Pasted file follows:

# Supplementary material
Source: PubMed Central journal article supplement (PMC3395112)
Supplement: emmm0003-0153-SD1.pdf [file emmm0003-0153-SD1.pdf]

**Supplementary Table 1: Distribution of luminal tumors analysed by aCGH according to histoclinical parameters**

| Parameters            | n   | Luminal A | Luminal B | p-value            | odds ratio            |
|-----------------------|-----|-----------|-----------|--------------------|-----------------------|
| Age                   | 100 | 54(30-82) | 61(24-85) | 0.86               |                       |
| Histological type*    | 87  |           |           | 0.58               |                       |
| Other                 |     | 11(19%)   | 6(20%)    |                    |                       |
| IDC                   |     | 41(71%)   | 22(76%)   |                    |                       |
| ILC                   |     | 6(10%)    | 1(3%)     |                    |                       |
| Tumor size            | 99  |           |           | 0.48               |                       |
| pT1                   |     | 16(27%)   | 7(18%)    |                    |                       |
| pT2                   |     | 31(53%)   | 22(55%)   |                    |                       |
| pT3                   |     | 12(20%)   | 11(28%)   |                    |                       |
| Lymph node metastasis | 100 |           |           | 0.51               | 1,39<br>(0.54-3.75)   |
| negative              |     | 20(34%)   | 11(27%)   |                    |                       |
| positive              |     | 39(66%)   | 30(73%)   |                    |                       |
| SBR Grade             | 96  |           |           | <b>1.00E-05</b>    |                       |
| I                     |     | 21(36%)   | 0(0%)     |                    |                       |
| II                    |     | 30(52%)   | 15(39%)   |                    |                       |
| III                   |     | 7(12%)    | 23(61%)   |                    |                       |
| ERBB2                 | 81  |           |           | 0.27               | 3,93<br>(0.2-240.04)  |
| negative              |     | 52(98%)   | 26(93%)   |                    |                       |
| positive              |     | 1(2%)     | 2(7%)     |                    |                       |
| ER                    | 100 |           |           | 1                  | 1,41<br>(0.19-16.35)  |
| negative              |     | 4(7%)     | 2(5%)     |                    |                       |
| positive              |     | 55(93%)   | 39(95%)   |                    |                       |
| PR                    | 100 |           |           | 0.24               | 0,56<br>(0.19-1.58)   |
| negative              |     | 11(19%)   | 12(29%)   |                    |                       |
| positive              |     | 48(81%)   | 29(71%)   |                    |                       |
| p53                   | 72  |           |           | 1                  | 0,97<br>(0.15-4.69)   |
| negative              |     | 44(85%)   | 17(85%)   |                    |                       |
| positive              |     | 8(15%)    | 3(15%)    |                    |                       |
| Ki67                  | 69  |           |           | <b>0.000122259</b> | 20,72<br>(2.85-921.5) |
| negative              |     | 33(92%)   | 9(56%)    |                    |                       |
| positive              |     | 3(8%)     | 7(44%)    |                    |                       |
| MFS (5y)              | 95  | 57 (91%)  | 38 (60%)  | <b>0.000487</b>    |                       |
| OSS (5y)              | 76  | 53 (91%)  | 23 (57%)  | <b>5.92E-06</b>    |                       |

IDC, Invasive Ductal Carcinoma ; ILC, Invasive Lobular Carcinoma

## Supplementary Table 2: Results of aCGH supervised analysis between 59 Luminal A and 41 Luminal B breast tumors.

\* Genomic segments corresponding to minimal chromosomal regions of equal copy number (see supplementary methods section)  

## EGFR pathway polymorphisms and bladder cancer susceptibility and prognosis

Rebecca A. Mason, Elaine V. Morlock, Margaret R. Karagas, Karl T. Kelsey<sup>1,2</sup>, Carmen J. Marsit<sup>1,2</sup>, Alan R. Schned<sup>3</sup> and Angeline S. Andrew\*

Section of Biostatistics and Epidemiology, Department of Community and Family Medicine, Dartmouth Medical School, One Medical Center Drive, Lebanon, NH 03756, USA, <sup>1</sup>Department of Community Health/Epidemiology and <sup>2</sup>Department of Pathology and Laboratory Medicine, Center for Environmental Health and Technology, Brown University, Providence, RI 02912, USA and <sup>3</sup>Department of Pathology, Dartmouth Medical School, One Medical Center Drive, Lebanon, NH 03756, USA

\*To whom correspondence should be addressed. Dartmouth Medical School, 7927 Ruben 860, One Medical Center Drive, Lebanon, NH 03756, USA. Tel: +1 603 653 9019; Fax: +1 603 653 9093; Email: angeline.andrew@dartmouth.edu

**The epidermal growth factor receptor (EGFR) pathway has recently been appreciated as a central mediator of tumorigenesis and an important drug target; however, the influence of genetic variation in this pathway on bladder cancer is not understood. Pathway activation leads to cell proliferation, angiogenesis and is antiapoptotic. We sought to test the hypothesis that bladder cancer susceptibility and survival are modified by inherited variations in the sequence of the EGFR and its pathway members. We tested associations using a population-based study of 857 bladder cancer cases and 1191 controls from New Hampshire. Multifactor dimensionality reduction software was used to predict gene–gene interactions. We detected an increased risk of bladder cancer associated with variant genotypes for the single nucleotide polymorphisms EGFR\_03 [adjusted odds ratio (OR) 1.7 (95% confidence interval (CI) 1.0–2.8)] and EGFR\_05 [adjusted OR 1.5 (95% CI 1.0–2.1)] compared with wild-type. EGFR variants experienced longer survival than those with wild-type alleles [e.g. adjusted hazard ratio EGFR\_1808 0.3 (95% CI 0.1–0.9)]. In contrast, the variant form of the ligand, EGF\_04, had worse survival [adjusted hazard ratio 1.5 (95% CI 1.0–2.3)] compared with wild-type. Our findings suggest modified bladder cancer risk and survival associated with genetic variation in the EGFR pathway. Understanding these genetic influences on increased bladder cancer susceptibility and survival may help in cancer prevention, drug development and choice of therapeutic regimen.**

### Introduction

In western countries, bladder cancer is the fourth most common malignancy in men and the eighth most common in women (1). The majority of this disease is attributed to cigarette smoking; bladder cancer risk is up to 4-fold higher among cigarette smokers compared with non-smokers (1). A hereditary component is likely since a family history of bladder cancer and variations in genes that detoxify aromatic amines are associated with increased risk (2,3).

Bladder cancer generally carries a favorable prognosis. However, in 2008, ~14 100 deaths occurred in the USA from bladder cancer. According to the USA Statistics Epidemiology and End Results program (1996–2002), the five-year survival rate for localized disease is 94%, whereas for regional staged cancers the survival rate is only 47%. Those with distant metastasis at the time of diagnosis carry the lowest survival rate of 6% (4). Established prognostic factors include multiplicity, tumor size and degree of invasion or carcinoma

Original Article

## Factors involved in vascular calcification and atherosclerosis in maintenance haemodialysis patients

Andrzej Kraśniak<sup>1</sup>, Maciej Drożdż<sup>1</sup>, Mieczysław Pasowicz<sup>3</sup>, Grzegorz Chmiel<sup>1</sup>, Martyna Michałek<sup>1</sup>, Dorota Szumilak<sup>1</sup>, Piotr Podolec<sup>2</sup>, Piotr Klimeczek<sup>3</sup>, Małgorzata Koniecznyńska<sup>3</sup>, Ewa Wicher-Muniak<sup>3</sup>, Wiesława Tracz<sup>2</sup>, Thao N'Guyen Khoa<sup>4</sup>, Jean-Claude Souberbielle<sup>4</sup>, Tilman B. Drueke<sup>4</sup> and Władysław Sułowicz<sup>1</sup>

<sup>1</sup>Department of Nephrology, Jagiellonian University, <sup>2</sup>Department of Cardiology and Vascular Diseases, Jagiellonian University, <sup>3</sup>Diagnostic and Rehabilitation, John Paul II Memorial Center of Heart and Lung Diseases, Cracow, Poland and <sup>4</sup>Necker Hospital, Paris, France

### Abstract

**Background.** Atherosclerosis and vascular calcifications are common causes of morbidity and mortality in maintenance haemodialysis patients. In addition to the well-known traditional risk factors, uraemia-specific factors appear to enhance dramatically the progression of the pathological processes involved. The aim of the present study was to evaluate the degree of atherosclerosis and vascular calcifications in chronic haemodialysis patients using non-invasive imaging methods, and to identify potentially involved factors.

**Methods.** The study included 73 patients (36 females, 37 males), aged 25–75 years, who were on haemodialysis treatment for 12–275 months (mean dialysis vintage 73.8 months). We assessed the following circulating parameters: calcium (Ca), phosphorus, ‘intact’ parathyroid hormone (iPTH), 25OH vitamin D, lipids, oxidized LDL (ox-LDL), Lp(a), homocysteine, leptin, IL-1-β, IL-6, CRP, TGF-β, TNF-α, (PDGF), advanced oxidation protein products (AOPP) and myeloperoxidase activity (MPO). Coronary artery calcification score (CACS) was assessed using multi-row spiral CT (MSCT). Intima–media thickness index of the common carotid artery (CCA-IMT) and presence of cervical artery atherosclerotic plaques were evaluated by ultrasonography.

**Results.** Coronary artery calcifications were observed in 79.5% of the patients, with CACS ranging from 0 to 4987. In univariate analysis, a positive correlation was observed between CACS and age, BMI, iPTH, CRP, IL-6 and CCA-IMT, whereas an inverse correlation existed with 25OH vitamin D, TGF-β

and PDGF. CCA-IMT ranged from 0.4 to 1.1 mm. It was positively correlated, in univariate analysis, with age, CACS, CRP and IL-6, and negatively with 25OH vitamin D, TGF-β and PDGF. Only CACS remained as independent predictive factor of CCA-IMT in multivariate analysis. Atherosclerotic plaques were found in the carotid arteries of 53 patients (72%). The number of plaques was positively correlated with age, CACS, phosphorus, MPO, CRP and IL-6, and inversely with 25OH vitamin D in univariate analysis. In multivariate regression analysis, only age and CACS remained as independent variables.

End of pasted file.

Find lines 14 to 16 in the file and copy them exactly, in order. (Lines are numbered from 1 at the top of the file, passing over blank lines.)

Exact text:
| pT2                   |     | 31(53%)   | 22(55%)   |                    |                       |
| pT3                   |     | 12(20%)   | 11(28%)   |                    |                       |
| Lymph node metastasis | 100 |           |           | 0.51               | 1,39<br>(0.54-3.75)   |